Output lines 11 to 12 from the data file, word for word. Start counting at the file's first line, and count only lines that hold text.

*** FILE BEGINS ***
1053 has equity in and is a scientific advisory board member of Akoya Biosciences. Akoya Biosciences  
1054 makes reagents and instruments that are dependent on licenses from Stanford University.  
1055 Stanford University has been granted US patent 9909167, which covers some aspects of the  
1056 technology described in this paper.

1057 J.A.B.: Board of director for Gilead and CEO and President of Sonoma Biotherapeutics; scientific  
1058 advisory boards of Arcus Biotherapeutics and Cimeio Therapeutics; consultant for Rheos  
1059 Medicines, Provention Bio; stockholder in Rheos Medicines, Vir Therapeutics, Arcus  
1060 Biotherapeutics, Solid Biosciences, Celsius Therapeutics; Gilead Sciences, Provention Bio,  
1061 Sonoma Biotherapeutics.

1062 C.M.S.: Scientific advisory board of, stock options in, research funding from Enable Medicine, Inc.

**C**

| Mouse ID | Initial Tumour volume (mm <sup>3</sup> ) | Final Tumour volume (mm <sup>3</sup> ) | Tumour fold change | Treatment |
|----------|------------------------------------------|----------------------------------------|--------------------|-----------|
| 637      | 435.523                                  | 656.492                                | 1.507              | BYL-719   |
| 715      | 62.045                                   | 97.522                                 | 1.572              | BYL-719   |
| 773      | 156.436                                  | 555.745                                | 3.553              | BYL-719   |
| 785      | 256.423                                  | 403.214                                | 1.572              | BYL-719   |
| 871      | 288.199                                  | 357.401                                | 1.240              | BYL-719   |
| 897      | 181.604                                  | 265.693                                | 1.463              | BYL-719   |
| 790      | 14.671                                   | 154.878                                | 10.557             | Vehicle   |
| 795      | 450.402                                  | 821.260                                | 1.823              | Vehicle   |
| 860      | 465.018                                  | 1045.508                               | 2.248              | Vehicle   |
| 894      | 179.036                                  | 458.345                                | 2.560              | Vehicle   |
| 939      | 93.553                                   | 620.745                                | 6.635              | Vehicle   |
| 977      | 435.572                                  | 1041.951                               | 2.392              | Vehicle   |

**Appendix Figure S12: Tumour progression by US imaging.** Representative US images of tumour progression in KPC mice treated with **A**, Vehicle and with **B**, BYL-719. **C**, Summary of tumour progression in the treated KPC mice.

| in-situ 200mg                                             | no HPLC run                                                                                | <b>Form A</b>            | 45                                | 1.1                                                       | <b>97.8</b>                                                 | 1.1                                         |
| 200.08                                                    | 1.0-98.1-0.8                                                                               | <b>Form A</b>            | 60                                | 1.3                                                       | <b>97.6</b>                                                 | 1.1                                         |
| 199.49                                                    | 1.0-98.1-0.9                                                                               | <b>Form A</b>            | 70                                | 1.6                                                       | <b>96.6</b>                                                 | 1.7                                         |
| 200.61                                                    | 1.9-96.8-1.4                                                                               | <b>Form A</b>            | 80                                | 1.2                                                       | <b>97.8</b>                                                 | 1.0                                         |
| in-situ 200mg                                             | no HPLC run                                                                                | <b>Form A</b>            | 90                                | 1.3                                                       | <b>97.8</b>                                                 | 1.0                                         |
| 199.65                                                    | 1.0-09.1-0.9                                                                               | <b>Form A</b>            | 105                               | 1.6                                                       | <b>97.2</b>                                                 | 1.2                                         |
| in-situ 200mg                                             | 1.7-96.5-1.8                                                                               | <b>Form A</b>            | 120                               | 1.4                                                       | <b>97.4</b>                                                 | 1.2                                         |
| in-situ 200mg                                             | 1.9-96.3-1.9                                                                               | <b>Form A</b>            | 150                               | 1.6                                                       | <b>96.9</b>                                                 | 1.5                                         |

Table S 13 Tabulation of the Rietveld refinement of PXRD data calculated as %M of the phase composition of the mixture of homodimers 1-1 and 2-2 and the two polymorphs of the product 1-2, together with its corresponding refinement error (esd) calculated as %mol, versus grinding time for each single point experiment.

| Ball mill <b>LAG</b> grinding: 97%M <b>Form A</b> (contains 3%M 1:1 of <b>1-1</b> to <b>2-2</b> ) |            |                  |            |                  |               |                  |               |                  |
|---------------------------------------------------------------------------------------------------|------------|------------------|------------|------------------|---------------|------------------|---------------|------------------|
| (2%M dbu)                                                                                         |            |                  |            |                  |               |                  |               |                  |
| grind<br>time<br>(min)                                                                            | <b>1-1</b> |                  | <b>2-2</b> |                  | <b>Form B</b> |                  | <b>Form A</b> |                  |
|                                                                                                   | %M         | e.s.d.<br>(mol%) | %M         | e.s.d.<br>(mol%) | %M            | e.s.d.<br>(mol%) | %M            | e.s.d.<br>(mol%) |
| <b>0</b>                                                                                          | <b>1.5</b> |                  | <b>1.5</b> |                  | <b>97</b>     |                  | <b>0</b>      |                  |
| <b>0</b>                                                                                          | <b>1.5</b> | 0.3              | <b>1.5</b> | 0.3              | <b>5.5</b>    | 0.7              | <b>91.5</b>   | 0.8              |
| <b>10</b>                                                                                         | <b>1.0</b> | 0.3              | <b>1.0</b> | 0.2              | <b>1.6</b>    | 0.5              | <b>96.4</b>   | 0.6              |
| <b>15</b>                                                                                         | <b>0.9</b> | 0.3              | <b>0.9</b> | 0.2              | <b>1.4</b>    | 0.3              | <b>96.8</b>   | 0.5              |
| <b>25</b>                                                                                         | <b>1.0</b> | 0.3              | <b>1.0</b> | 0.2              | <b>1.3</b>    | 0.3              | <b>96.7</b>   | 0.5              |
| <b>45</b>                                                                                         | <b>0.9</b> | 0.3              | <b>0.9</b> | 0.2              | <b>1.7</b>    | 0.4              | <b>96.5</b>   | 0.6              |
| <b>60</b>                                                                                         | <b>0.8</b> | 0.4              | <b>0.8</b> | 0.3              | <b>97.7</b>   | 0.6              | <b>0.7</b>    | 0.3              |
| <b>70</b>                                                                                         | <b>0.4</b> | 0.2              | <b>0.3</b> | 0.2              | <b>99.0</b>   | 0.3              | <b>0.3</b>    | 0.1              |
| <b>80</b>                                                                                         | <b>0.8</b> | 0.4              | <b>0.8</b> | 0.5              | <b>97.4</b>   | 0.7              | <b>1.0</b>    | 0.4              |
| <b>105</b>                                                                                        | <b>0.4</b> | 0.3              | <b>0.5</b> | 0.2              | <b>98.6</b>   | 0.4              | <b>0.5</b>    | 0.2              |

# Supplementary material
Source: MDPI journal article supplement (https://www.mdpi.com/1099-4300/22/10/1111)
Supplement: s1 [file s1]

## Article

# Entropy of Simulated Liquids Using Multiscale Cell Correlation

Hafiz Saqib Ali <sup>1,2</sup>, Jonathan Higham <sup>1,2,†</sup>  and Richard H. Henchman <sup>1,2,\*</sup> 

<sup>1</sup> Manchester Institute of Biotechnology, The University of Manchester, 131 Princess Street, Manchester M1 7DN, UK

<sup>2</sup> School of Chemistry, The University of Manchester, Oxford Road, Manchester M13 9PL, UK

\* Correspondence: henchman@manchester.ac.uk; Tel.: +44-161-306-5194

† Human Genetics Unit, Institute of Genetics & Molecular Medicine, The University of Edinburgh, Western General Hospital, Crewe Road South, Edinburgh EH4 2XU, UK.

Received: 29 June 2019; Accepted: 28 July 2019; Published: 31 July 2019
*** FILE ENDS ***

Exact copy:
**C**

| Mouse ID | Initial Tumour volume (mm <sup>3</sup> ) | Final Tumour volume (mm <sup>3</sup> ) | Tumour fold change | Treatment |